The SBS appraises seven behavioral dimensions; “Respiratory drive/response to ventilation,” “Coughing,” “Best response to stimulation,” “Attentiveness to care provider,” “Tolerance to care,” “Consolability,” and “Movement after consoled.” The score range from −3 to +3 and a score of 0 describes a patient who is alert and calm. Psychometric properties of this scale are good.
General Considerations of Pharmacokinetics and Pharmacodynamics in Critically Ill Children
The pharmacokinetic (PK) properties of a drug include the processes of absorption, distribution, metabolism, and excretion, while the pharmacodynamic (PD) properties comprise the actual responses to the administered drug and therefore may represent both efficacy and safety. In addition to the age-related variation in PK, critical illness and its treatment modalities impact PK and PD. These factors are summarized in Figure 1. Intrinsic factors related to the patient’s clinical condition include shifts in body fluid (altering volume of distribution), inflammation (altering drug transport and metabolism, clearance), and liver, renal, and heart failure (altering absorption, distribution, drug metabolism and excretion). Extrinsic factors include treatment modalities such as extra-corporeal membrane oxygenation (ECMO), hypothermia, and continuous renal replacement therapy (18). Volume of distribution is often increased and clearance is altered either way in ECMO patients (19). Hypothermia leads to changes in volume of distribution due to redistribution of blood flow and a decreased clearance due to a decreased drug metabolizing enzyme activity (20, 21).
Figure 1. Illustration of the effect of critical illness on pharmacokinetics of analgosedative drugs. With intravenous administration (upper left), drugs are injected directly into the central compartment: bioavailability is complete. With oral administration (lower left), gut absorption and first by-pass metabolism limit bioavailability. Analgosedative drugs are metabolized by the liver into more water-soluble metabolites that are excreted by the kidneys. Some analgosedatives have active metabolites (e.g., morphine and midazolam) that may accumulate with decreased renal function. A graphical representation of drug concentration over time depicts pharmacokinetics changes induced by critical illness: the dashed line represents the curve of a healthy individual while the solid line shows the change induced by critical illness. *Liver flow affects clearance of drugs with a high hepatic extraction ratio (e.g., propofol).
Furthermore, critical illness itself may be of influence on the effect of sedation. For instance, a critically ill child who is less reactive due to its underlying illness (e.g., sepsis) will respond differently to a sedative drug than a relatively healthy child who receives sedation for the acceptance of a tube after airway reconstruction.
Although the impact of separate aspects of critical illness on drug disposition is increasingly recognized, only few factors are actually taken into account in current dosing such as dosing adjustments with renal failure. For sedative drugs, this underscores the importance of dosing and titrating the drugs to effect.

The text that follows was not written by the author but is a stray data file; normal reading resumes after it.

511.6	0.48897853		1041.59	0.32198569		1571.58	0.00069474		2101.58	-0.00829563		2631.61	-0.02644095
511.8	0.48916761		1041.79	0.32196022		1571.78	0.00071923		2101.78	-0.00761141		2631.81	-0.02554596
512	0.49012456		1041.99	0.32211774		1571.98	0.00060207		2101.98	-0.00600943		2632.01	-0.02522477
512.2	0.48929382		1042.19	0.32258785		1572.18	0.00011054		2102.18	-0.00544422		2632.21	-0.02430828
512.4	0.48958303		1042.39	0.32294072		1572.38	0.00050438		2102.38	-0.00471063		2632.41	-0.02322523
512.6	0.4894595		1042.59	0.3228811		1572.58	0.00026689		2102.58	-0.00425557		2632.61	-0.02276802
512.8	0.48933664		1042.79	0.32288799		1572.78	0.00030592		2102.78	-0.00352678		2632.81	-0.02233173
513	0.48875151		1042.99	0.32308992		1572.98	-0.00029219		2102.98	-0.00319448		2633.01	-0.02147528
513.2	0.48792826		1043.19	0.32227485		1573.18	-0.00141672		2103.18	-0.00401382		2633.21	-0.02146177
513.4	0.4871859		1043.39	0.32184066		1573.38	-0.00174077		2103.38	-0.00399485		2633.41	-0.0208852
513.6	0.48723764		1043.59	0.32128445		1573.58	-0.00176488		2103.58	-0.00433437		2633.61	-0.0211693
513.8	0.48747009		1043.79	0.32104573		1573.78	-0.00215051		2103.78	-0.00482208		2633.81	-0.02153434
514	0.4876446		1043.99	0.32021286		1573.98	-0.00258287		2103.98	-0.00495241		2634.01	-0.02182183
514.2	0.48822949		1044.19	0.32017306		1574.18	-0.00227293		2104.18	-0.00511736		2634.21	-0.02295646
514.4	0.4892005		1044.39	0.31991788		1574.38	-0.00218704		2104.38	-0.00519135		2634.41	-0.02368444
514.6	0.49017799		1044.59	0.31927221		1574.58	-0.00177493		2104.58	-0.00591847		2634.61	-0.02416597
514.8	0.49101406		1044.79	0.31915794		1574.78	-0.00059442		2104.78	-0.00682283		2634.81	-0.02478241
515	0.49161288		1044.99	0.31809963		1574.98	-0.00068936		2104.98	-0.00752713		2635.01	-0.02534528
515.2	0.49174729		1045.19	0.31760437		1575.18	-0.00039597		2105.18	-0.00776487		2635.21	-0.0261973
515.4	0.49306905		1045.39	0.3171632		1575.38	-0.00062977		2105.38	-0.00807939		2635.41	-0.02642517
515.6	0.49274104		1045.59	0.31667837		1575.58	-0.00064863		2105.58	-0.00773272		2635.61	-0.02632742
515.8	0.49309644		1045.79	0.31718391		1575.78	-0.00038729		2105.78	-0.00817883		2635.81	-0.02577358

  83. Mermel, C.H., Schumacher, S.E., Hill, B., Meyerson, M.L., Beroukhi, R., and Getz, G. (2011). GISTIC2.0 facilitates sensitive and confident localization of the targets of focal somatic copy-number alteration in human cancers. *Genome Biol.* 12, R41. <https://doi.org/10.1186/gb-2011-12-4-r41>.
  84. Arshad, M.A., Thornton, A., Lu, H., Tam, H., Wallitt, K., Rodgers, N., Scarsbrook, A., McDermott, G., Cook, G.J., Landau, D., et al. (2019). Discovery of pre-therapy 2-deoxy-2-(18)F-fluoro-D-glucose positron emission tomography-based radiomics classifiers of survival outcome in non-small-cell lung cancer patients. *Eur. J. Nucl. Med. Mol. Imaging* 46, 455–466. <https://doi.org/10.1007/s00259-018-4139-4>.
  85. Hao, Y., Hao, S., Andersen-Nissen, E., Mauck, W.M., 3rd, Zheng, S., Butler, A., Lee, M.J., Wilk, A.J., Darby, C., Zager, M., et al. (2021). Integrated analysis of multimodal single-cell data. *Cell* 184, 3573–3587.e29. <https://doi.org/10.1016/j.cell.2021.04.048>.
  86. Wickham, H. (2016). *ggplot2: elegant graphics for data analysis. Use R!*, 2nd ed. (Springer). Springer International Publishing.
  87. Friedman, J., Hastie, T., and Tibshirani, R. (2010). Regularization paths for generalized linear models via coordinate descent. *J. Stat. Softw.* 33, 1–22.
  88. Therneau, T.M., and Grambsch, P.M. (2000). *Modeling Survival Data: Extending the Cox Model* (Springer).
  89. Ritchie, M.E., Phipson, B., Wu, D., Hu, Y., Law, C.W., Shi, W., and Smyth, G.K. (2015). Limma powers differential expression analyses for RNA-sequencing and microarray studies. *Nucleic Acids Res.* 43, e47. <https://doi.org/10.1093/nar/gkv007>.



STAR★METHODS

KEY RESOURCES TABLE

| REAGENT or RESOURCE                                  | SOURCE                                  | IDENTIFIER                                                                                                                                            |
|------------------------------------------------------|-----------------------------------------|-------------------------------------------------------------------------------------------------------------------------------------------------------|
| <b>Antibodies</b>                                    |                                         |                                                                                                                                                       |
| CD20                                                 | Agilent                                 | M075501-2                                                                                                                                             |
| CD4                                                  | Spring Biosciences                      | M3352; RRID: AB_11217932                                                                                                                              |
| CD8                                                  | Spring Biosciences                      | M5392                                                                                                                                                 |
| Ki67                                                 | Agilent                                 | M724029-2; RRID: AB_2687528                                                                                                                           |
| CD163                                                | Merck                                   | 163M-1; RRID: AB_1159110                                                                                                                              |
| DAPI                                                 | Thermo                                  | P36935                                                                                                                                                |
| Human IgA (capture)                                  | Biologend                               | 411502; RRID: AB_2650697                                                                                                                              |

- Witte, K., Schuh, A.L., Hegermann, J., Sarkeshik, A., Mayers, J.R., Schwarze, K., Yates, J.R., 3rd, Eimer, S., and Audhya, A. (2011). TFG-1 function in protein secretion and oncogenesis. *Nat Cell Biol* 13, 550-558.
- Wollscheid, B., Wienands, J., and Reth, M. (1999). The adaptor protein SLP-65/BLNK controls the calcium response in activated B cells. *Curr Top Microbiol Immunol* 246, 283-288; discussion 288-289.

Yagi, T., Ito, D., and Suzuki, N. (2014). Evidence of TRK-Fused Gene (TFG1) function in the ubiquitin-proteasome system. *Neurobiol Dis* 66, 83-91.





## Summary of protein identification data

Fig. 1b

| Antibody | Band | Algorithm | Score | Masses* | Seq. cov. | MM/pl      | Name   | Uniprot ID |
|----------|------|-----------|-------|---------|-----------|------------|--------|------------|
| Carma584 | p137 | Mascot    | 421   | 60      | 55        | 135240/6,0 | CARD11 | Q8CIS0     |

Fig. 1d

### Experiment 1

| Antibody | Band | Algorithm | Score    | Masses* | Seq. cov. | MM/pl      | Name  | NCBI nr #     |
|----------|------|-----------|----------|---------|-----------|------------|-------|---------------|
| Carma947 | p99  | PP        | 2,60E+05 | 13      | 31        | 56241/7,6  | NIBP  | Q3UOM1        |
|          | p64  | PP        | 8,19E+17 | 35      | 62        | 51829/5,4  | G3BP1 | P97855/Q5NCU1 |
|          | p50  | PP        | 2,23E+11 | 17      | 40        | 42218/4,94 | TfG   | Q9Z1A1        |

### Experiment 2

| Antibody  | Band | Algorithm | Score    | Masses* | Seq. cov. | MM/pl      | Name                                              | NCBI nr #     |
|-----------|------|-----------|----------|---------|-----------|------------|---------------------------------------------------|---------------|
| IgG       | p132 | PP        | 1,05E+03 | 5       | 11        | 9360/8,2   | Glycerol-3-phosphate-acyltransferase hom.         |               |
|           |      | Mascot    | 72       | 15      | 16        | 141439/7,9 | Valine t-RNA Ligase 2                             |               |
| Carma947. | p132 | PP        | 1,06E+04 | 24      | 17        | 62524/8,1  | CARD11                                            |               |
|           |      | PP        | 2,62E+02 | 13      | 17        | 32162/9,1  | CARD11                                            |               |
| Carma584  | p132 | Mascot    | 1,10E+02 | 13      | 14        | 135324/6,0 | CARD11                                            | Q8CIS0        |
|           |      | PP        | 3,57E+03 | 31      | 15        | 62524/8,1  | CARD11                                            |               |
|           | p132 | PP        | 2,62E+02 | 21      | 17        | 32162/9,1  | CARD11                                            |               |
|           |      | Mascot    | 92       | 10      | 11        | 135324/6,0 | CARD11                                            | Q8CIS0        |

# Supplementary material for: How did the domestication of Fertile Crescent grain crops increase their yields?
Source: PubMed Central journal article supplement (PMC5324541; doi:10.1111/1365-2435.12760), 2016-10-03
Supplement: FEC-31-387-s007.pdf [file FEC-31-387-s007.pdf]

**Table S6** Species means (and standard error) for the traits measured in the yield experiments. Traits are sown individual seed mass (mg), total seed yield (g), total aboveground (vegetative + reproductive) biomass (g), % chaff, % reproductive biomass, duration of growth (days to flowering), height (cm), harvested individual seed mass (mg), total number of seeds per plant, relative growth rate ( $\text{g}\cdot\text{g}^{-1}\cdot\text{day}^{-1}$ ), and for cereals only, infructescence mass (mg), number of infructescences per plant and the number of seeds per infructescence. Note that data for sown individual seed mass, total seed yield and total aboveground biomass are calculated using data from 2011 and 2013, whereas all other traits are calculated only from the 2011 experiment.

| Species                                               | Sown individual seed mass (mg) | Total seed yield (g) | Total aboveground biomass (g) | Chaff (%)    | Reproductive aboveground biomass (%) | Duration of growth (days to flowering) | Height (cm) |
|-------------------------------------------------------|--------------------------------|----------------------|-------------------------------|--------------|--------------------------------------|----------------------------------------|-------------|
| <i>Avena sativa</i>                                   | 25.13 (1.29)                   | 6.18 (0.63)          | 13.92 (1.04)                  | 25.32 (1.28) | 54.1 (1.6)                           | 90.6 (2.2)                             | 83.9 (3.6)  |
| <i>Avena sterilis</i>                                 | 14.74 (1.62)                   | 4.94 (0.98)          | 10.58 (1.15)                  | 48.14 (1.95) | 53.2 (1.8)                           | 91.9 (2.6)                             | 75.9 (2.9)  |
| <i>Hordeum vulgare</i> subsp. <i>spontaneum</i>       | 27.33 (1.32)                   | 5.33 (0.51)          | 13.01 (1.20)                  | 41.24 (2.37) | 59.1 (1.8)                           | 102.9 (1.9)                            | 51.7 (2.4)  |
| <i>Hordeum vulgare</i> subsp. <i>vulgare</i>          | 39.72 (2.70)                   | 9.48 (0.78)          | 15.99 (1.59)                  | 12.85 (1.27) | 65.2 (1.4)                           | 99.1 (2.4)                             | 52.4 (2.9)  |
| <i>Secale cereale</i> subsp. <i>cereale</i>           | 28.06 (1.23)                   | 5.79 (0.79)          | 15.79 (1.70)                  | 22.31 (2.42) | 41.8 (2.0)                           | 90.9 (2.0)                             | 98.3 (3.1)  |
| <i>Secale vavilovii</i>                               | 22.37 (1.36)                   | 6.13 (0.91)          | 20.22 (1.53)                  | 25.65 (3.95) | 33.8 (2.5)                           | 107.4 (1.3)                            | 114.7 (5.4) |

Commonly Used Agents
An ideal sedative drug exhibits anxiolysis, amnesia, and analgesia qualities, should be easily titrated to effect, and without any adverse effects. However, none of the existing drugs does meet all these qualities. Therefore, medications are commonly co-administered to compensate for any shortcomings and to achieve an optimal effect.
In PICU, benzodiazepines and opioids are frequently used agents. Despite the widespread use of sedatives in PICU, high-quality data supporting appropriate dosing and safety are lacking (22). Many commonly used sedatives and analgesics in the PICU (e.g., lorazepam, dexmedetomidine, and fentanyl) are still used off-label, which means that their efficacy and safety have not been adequately proven (23). A rational choice for a particular agent is based on the desired effect of the drug, the interaction of the patient’s disease, and the side-effects of the drug (Table 2). These systemic effects can be adverse effects [e.g., propofol is avoided in patients with unstable hemodynamics due to its cardiodepressive properties (24)] or desired effects [ketamine is a bronchodilator used in asthma (25)]. Ideally, the choice for a particular agent should include its long-term effect on neurodevelopment. Most commonly used sedative and analgesics are neurotoxic in animals (26–28), which has caused uncertainty for their long-term safety in humans. Reassuringly, these animal data have not been confirmed in human studies. No adverse long-term effects of morphine administration at neonatal age were reported (29, 30). Moreover, short duration sevoflurane anesthesia in infancy does not appear to increase the risk of adverse neurodevelopmental outcome at 2 years of age compared with awake-regional anesthesia (31).
Benzodiazepines (midazolam, and to a lesser extent lorazepam) are the most commonly used sedatives and the sedative of choice in many pediatric intensive cares (32). Midazolam is a central nervous system depressant that exerts its clinical effect by binding to a receptor complex, which facilitates the action of the inhibitory neurotransmitter gamma-amino butyric acid (GABA) in the brain. Through this effect, midazolam possesses sedative, anxiolytic, anticonvulsant, muscle relaxant, and amnesic properties (33). The amnesic effects of midazolam probably play an important role in the low levels of unpleasant experiences recalled by survivors of PICU treated with this agent (34).